The works of Ray Bradbury have inspired countless horror and dark fantasy writers over the years, myself included. Bradbury’s vivid imagery and dreamlike, poetic prose is something to behold. But how do his works translate to the screen? Is it possible to capture the thrills and magic of Bradbury’s work in television or film? I absolutely adore his 1962 novel Something Wicked This Way Comes (it’s one of my all-time favorite books), in which a dark carnival descends upon Green Town, Illinois, but I’ve yet to see the 1983 film adaptation (to be honest, I’ve only seen a handful of episodes of the ’80s anthology series The Ray Bradbury Theater). After my conversation with horror author Scott Thomas, I think I need to add the movie to my queue. The film had a deep impact on Thomas as a child, one that informed his sensibilities and led him to create dark, twisted tales of his own. Continue Reading
What was your gateway to Stephen King? The Shining? It? Pet Sematary? These are a few of the more common examples, but being that King has written approximately fifty thousand books, it’s not that unlikely to get into the author through some of his less-famous (though, really still quite-famous) works.
For author Gemma Amor, it wasn’t The Losers’ Club’s adventures that sparked her love for King, nor was it Jack Torrance’s escapades at the Overlook Hotel. It was a gnarly, rabid St. Bernard named Cujo. In fact, the 1981 book had such an impact on Amor that it inspired her to pursue character-driven horror and short stories. Continue Reading
I can’t tell you how many speculative fiction writers I’ve interacted with over the years who have expressed a deep respect for, if not a rabid obsession with, The Twilight Zone. It’s basically reached “sacred cow” status amongst genre writers, whether or not it’s had a direct influence on their writing (I know a few authors who pitch their books at cons as being “like The Twilight Zone,” myself included). In fact, the only author I can think of who I’ve ever seen express a somewhat-negative view of the show was Stephen King in his 1981 nonfiction book Danse Macabre. We’ll let this one pass, Mr. King.Continue Reading
I grew up with two younger sisters who probably owned five million dolls between the two of them. They had plenty of mass-market stuff like Barbies and Cabbage Patch Kids, but also a few “lifelike” porcelain dolls. I wouldn’t say that these dolls “scared” me, but there always was something more mysterious and unsettling about them, with their stiff, white bodies and old-timey dresses.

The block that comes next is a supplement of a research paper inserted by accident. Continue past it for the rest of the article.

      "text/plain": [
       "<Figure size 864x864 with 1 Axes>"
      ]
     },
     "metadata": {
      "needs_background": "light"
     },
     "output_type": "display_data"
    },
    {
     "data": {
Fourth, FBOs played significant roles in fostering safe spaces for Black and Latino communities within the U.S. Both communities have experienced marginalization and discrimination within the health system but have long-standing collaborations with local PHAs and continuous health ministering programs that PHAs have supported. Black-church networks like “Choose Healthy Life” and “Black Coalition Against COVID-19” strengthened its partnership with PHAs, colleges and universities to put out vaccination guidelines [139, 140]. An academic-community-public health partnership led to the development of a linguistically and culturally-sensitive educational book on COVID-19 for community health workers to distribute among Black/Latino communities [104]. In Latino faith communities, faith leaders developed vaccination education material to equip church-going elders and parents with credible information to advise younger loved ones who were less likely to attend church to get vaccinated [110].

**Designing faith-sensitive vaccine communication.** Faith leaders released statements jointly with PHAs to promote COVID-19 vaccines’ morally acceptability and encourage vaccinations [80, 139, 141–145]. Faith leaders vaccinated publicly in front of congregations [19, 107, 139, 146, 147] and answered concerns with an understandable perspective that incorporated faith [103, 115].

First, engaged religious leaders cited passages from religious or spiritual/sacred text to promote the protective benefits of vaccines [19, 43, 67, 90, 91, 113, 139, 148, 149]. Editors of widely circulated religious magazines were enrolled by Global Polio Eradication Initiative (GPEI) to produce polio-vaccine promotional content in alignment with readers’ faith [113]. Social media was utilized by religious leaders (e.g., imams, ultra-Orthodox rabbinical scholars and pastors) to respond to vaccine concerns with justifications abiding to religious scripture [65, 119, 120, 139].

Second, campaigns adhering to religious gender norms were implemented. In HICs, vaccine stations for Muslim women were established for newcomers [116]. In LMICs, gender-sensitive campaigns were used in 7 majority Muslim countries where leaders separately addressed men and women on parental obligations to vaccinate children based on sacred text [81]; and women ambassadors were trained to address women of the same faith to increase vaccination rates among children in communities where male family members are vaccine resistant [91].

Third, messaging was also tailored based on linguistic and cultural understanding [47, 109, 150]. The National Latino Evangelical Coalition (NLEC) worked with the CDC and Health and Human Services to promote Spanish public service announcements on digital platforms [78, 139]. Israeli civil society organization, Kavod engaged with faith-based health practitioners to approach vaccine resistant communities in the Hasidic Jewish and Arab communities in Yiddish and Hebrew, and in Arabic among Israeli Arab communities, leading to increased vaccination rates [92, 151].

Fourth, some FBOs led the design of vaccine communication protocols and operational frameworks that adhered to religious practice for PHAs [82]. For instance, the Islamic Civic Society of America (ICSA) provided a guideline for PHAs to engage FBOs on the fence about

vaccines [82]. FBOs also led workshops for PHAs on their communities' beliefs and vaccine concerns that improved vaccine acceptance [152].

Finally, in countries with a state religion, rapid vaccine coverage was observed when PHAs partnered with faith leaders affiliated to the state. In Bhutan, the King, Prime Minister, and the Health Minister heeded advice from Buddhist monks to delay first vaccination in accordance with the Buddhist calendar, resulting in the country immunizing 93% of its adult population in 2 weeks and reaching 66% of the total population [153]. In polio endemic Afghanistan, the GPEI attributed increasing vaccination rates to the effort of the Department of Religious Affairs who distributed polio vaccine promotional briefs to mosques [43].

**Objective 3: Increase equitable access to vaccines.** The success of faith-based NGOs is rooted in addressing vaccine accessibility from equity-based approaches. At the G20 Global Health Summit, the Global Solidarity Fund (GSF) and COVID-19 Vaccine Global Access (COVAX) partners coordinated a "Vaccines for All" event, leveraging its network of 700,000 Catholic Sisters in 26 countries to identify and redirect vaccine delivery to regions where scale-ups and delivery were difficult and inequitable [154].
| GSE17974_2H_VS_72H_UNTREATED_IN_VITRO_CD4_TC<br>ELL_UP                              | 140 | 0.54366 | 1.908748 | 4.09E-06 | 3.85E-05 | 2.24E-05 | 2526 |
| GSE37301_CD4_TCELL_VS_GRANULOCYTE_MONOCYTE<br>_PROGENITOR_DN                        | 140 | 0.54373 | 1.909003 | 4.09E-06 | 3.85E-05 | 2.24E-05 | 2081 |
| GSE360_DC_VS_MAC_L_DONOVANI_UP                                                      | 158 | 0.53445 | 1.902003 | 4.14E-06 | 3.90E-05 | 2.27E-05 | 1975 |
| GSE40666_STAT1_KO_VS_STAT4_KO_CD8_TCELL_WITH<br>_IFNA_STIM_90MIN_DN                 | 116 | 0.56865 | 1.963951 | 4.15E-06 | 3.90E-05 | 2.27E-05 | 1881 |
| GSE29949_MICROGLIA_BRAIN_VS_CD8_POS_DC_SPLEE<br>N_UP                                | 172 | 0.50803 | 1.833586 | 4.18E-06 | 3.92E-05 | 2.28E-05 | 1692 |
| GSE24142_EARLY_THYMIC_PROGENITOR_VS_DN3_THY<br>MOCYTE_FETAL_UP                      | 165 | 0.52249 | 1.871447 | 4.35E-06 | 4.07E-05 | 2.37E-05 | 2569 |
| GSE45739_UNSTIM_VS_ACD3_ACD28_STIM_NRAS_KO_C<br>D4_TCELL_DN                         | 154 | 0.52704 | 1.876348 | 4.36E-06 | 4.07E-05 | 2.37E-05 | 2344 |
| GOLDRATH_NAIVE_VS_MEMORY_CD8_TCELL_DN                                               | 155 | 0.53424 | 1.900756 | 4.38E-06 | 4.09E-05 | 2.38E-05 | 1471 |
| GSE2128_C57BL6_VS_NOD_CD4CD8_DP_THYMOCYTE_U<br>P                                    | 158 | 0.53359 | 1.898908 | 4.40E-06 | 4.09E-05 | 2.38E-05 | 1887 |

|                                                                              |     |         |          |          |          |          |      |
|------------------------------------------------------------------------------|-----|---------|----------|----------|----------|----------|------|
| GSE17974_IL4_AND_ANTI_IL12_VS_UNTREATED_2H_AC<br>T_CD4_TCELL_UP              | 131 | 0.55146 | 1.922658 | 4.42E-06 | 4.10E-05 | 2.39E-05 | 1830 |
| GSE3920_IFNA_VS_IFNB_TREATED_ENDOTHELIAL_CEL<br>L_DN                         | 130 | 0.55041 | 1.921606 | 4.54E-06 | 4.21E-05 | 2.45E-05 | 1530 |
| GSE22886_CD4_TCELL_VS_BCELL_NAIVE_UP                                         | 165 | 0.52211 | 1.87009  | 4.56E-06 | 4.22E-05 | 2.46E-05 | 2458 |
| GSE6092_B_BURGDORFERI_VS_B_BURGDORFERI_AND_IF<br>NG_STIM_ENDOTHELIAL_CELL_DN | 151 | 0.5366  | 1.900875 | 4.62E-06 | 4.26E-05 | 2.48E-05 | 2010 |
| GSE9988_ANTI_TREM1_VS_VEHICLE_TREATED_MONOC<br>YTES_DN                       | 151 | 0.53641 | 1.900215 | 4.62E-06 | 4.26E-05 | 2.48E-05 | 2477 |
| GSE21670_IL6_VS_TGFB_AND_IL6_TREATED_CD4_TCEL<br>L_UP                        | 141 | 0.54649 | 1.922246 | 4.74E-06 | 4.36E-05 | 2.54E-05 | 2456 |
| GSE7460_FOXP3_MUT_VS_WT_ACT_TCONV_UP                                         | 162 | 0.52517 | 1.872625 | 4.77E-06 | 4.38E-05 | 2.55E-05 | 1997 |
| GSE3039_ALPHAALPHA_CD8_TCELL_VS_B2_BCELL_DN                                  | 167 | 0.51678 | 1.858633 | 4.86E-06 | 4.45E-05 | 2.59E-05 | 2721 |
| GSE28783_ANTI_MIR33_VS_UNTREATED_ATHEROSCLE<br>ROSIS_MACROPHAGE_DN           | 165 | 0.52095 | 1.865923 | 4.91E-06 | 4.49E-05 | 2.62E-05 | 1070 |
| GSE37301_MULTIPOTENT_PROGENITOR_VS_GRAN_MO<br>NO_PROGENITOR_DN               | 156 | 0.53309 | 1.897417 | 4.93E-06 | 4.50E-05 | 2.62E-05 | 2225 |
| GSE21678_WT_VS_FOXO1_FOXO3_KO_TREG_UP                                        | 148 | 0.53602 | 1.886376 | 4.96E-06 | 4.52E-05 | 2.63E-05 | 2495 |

From Child’s Play to Annabelle to the Twilight Zone episode “Living Doll,” dolls have been mined for their horror potential for a long time. What is it about dolls that makes them so freaky? Author Ania Ahlborn has some thoughts. She saw a doll-centric horror movie early on in life that left such a impression on her, she went on to write scary stories of her own.Continue Reading
I lived a good chunk of my childhood on a small, rural road. All of the homes had families and were fairly well-kempt, so my siblings and my best buddy who lived next door didn’t really have a typical “haunted house” to be afraid of; but that didn’t keep us from concocting weird stories about the surrounding property. That creepy orchard up the hill? A kid my mom used to babysit for convinced us that he had seen a severed hand from World War II hanging from a tree up there (yep, from that famous WWII battle fought in Upstate New York, of course). Then there was the turnaround where I swear I saw a UFO land one night (okay, maybe that was just a dream). When you’re a kid, your imagination runs wild, and seemingly innocuous places can transform into terrifying locales. Jonathan Janz can relate—he read a story back in seventh grade that touched on just that idea, a story that stuck with him and put him on a path to creating strange stories of his own. Continue Reading
In Night Gallery, the 1969 film that served as a pilot for the anthology TV series of the same name, there’s a segment titled “The Cemetery” that will forever haunt me. In this macabre tale, the lead character, Jeremy Evans, who has murdered his uncle and lives in his dead relative’s mansion, owns a painting which depicts the mansion and the family graveyard, where his uncle is now buried. As the story progresses, the painting changes. To Jeremy’s horror, his uncle rises from the grave in the painting and lurches closer and closer to the mansion, until….well, I won’t spoil it for you. But the image of that painting, of the undead uncle creeping toward the mansion, has been seared into my brain since I was a kid. Author Gemma Files knows that feeling. She happened upon a book when she was but a child, one filled with images that would haunt and thrill her for years to come. Continue Reading
If you’ve read Paperbacks from Hell, you know that Grady Hendrix is an expert on horror fiction, most specifically mass-market paperbacks produced during the boom of the ’70s and ’80s, with their often eye-popping—some might say “garish”—cover art. What, you might ask, inspired such a fascination for weird, macabre books? In Hendrix’s case, it was a lot of things, but it certainly had something to do with a strange book he discovered while living abroad in England in the late ’70s. A book not intended for kids.